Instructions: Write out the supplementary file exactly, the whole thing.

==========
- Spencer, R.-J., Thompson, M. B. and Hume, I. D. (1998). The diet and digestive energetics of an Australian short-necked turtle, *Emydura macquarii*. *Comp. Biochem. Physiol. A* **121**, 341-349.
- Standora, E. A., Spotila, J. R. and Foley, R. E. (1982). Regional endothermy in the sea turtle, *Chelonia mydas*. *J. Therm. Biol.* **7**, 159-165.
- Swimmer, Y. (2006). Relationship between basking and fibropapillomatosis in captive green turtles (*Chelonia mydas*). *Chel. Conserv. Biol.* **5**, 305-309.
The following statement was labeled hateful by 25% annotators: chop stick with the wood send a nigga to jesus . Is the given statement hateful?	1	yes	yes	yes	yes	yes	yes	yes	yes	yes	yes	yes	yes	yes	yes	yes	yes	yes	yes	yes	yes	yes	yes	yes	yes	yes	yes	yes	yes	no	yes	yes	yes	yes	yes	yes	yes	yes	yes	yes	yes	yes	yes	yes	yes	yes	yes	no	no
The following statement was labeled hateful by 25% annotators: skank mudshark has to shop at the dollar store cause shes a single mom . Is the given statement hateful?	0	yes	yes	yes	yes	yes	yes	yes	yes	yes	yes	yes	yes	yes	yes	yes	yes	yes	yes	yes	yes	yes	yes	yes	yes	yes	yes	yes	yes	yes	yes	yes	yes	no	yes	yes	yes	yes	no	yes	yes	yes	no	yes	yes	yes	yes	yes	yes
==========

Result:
- Spencer, R.-J., Thompson, M. B. and Hume, I. D. (1998). The diet and digestive energetics of an Australian short-necked turtle, *Emydura macquarii*. *Comp. Biochem. Physiol. A* **121**, 341-349.
- Standora, E. A., Spotila, J. R. and Foley, R. E. (1982). Regional endothermy in the sea turtle, *Chelonia mydas*. *J. Therm. Biol.* **7**, 159-165.
- Swimmer, Y. (2006). Relationship between basking and fibropapillomatosis in captive green turtles (*Chelonia mydas*). *Chel. Conserv. Biol.* **5**, 305-309.
The following statement was labeled hateful by 25% annotators: chop stick with the wood send a nigga to jesus . Is the given statement hateful?	1	yes	yes	yes	yes	yes	yes	yes	yes	yes	yes	yes	yes	yes	yes	yes	yes	yes	yes	yes	yes	yes	yes	yes	yes	yes	yes	yes	yes	no	yes	yes	yes	yes	yes	yes	yes	yes	yes	yes	yes	yes	yes	yes	yes	yes	yes	no	no
The following statement was labeled hateful by 25% annotators: skank mudshark has to shop at the dollar store cause shes a single mom . Is the given statement hateful?	0	yes	yes	yes	yes	yes	yes	yes	yes	yes	yes	yes	yes	yes	yes	yes	yes	yes	yes	yes	yes	yes	yes	yes	yes	yes	yes	yes	yes	yes	yes	yes	yes	no	yes	yes	yes	yes	no	yes	yes	yes	no	yes	yes	yes	yes	yes	yes